Communicating & Interacting with Instructors
Instructors want you to use them as a resource. They hold office hours for a reason, yet many students still avoid their instructor’s office unless required. Remember, unless you tell them otherwise, your instructors assume you’re doing fine (or at least that you’re fine with how you’re doing). They can’t help if you don’t ask! So overcome your fear, and start directly talking to your instructors outside of class.
Knowing the best ways to approach your instructors will give you that necessary confidence to step into the “dragon’s den.” Chances are, you’ll discover the “dragon” is human after all.
- Call them by the right title.
- Be prepared – instructors are not mind readers.
- The more open and truthful you can be, the more receptive your instructor will be.
- Don’t ask, “Hey, what’s on the final?”
- Your instructor is not Harry Potter.
- At the end, it’s too late.
- Get to the point – your instructor’s office is not a lounge.
- Don’t flirt, don’t threaten, and don’t be overly informal.
- Talk to your professors early and often.
Call them by the right title.
Most instructors let you know what they want to be called. When in doubt, go with “Dr. [last name].” If they’re not a professor, they’ll let you know; but they’re unlikely to be offended by the promotion.
Be prepared – instructors are not mind readers.
Unless you’re just stopping by to chat (which is fine, by the way), have your questions prepared in advance. You need to be able to clearly articulate what it is you need help with. Besides, planning your agenda in advance helps ensure you don’t forget what you came there to do. Also, be sure to bring any necessary materials with you.
The more open and truthful you can be, the more receptive your instructor will be.
When it comes to lies, instructors have no tolerance for deceptiveness and the twisting of actual events. Be honest. Whatever it is, they’ve heard it before, and if it’s the truth, they will listen again.
Don’t ask “Hey, what’s on the final?”
Be diplomatic. Instead, ask “How can I best prepare for the final?” See the difference? Avoid approaching your instructors aggressively or antagonistically, and don’t whine. Above all, don’t act entitled; your instructor is not your employee. Think about how you want to be perceived and act accordingly. Phrase your questions carefully, so as not to sound like you’re asking for special treatment or “inside knowledge.”
Your instructor is not Harry Potter.
Don’t ask the impossible of your instructors. They are here to help you, but they are also restricted by course and departmental policies. Whatever your circumstances, instructors have to hold you to the same standards and workload as the rest of the class. So go ahead and inquire about make-up work, extra credit, and other opportunities, but be prepared to do the work, and don’t expect easy outs. Brace yourself for disappointment, and if your instructor says “no,” follow up with damage control strategies.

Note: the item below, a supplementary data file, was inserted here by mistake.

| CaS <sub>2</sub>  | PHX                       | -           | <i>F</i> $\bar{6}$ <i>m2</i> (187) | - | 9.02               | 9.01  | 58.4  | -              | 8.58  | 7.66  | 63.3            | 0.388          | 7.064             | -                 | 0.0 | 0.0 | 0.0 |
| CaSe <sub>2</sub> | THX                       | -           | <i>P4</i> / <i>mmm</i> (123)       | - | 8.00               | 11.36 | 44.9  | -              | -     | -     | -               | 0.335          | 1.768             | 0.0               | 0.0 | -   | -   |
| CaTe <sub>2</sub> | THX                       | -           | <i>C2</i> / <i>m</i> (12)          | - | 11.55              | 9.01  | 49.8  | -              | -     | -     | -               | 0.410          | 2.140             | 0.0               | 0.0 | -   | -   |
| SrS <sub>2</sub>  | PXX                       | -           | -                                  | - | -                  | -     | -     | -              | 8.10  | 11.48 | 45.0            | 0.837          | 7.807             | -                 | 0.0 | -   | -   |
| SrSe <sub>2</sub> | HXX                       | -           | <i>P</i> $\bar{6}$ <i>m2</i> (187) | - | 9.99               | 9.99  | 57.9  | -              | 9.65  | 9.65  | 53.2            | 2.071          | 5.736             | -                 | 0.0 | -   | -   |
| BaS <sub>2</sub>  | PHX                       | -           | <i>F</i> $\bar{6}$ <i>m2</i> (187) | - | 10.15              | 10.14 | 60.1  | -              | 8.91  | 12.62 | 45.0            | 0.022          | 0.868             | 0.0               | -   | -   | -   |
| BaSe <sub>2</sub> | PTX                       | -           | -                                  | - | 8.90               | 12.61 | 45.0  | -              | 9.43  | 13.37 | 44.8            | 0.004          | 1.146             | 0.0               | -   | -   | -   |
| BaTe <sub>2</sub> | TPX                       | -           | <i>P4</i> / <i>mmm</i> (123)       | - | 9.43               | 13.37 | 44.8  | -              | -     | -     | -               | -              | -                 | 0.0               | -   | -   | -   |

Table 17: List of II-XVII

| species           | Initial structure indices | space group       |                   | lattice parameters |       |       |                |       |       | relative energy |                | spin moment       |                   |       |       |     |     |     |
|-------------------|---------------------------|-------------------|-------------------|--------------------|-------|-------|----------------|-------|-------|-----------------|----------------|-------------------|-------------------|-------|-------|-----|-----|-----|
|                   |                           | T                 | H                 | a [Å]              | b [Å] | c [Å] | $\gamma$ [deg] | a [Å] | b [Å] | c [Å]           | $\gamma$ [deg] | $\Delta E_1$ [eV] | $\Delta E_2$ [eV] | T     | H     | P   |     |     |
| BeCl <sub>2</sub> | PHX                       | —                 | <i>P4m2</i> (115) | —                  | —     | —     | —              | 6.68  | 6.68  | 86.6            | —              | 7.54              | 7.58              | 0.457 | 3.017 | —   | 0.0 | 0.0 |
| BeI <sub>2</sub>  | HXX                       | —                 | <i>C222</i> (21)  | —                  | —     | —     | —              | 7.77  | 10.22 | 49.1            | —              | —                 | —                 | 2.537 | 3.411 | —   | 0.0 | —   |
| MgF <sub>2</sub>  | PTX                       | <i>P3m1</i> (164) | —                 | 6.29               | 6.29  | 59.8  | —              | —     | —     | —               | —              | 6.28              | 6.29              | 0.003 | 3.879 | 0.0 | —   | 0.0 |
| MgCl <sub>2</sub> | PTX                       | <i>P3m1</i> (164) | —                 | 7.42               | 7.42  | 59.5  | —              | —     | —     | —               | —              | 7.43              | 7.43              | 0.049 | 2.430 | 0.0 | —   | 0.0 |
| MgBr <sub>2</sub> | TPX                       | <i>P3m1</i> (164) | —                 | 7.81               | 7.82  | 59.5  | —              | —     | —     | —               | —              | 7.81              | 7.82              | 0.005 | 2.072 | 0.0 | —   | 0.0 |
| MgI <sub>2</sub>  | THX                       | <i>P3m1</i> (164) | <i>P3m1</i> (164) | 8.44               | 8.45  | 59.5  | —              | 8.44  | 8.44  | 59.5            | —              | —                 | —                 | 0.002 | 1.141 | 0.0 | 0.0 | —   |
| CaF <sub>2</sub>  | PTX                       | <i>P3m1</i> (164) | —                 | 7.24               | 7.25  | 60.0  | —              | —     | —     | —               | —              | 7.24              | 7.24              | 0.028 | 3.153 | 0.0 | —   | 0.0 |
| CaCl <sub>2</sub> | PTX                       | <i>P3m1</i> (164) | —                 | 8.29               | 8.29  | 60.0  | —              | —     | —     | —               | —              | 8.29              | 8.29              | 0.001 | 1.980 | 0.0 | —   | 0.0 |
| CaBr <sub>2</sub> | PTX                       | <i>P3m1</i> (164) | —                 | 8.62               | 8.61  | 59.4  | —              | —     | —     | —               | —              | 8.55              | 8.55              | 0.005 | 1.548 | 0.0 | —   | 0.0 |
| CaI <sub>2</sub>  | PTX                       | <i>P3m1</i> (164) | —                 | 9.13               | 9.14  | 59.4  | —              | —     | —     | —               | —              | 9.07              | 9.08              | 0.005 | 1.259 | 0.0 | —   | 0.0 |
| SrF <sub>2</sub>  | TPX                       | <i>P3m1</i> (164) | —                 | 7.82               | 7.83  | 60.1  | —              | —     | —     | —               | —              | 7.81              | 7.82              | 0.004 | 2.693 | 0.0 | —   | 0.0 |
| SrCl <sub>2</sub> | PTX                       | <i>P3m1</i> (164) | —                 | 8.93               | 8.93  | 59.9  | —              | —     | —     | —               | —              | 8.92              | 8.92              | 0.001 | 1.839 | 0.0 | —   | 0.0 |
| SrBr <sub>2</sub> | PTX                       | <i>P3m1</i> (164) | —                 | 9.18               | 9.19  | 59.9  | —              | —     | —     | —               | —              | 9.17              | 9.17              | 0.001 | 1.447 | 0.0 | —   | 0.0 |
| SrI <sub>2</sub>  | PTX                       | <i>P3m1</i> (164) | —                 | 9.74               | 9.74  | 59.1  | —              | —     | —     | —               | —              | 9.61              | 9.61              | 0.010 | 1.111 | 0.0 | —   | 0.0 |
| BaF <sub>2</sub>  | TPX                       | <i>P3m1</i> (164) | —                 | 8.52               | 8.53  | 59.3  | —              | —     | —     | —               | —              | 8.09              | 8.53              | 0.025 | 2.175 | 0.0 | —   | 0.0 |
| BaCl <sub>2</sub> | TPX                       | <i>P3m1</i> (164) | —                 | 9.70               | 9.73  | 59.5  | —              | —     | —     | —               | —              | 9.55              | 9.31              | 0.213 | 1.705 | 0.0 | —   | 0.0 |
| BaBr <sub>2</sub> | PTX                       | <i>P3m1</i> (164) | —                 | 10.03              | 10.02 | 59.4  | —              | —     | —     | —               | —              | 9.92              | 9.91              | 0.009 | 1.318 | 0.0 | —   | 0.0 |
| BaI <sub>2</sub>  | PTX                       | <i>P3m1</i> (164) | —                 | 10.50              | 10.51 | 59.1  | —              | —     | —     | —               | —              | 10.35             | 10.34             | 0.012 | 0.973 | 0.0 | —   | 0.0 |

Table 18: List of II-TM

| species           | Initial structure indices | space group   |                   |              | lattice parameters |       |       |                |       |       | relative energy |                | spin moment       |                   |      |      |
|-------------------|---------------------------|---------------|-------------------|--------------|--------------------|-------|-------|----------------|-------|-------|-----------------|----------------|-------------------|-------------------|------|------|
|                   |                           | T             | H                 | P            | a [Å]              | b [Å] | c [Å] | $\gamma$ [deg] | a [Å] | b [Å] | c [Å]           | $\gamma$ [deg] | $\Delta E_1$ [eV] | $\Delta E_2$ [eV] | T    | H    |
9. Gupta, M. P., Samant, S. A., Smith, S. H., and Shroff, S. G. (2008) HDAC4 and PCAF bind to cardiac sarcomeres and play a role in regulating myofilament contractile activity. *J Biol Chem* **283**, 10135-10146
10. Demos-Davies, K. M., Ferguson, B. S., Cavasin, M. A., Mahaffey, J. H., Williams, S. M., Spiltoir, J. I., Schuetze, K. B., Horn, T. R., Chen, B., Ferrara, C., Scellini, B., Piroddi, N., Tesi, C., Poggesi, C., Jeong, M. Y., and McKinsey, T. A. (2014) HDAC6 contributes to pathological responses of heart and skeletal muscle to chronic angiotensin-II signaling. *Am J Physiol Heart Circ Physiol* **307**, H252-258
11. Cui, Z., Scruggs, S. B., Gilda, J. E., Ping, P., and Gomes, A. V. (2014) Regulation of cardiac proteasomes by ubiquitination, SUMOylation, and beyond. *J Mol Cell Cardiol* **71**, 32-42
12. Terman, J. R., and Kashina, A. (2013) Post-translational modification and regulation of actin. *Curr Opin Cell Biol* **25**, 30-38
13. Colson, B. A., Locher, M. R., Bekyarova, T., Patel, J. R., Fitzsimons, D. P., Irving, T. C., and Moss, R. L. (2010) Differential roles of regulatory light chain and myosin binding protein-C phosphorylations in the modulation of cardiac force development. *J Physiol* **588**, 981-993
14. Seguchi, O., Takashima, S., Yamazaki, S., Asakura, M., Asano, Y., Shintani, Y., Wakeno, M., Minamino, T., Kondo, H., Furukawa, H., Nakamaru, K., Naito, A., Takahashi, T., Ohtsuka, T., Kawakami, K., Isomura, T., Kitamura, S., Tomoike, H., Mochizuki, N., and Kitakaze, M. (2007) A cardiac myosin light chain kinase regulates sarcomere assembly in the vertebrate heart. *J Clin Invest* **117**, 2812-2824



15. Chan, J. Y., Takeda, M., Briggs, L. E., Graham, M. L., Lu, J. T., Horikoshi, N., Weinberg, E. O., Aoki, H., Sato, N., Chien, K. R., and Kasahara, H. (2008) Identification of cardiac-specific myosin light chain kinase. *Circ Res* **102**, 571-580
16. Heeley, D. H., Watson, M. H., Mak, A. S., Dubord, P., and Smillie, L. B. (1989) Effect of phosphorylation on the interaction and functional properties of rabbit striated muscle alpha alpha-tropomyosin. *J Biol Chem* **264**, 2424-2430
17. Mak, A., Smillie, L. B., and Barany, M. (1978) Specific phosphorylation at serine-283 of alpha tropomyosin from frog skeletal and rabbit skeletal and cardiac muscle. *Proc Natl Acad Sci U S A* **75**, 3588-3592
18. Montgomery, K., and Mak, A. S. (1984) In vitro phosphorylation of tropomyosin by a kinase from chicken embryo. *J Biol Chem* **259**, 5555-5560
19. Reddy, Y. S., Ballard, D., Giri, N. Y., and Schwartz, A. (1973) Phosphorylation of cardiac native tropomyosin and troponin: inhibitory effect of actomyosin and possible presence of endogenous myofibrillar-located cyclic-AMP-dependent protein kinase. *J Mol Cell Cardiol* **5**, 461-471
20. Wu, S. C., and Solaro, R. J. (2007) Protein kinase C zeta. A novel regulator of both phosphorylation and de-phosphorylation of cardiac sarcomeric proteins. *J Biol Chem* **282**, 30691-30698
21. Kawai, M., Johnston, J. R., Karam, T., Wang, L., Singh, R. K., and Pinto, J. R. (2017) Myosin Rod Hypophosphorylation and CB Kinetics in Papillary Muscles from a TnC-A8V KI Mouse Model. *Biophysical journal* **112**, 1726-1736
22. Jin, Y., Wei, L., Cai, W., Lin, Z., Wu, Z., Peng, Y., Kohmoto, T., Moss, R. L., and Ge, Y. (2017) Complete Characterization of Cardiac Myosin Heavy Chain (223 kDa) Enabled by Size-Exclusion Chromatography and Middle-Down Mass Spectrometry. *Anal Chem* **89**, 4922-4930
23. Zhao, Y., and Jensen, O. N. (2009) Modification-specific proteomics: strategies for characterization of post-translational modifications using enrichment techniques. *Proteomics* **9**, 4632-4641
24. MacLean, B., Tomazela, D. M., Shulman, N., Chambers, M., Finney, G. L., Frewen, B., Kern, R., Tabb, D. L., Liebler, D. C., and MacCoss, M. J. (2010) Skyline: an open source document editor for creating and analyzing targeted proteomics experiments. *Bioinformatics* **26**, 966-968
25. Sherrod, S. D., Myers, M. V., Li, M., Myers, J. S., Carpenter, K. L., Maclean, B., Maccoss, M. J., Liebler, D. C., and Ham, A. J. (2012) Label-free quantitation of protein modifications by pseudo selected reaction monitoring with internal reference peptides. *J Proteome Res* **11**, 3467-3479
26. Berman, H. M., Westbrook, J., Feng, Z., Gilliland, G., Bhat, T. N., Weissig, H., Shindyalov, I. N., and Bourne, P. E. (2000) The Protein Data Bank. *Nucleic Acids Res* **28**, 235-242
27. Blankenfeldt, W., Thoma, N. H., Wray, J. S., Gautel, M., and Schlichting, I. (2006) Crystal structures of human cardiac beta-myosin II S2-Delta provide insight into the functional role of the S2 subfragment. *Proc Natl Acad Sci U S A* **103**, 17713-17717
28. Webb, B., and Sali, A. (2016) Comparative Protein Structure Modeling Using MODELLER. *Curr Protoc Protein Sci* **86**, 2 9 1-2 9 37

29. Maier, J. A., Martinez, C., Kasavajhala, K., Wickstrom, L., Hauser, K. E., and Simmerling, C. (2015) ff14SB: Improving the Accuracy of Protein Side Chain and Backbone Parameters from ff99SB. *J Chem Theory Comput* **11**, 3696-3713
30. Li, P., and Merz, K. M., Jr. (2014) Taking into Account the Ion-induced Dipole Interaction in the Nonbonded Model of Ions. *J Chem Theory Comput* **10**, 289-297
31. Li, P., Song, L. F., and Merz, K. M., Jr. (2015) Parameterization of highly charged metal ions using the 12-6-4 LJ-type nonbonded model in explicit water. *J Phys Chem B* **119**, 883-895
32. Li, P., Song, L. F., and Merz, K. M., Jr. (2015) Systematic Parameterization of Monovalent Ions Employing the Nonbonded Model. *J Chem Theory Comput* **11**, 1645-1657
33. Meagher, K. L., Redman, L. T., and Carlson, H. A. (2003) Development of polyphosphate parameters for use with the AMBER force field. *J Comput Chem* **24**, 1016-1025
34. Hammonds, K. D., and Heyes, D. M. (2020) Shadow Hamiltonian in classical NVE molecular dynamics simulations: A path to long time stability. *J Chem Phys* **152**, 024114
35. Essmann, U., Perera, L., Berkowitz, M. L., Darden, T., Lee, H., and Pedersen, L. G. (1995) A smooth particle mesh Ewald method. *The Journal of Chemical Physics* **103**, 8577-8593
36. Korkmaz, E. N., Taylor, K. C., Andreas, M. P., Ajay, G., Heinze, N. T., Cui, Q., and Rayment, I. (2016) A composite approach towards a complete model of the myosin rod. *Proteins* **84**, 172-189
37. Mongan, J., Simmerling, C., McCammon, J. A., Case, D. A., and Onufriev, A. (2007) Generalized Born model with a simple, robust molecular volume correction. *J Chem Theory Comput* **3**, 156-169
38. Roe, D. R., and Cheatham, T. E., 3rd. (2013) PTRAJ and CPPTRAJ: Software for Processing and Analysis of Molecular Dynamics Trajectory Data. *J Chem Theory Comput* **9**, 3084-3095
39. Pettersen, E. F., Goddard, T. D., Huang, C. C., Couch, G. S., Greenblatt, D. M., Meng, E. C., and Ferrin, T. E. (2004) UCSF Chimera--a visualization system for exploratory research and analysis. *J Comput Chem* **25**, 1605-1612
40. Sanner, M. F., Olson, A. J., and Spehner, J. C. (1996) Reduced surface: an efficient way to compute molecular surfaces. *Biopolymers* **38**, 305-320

At the end, it's too late.
You will not get far by approaching your instructor at the end of the semester and declaring that you will lose you scholarship, be kicked off the team, or get dismissed from school if you don’t receive a certain grade in the class. As you see signs of falling short of certain requirements as a UT student, member of an organization, or scholarship recipient, meet with your instructors. They most certainly agree that your grade is important, but in the end they cannot be held responsible for your earned grade or personal circumstances.
Get to the point – your instructor's office is not a lounge.
Even if you’re paying a social call, don’t use up more of your instructor’s time than necessary. Other students may be waiting, so be clear and concise; don’t beat around the bush.
Don’t flirt, don’t threaten, and don’t be overly informal.
In other words, be professional. Different instructors have different ways of interacting with students (some are casual, some are more proper), but ultimately academia is a professional arena, and you should conduct yourself accordingly. You might also want to consider your attire; if you’re dealing with an “old-fashioned” instructor, or if you’re there on a serious matter (such as asking for a letter of recommendation), it’s a good idea to dress for the occasion.
Talk to your instructors early and often.
This is a proactive and professional relationship. If you know you’re going to miss class, try to let your instructors know ahead of time. If you’re sick, contact them. If you need an extension, ask before the due date, not after. If you’re struggling, see them before it’s too late (after all, there’s only so much they can do if the semester’s almost over). Your instructors like you and want to help, but you have to meet them halfway.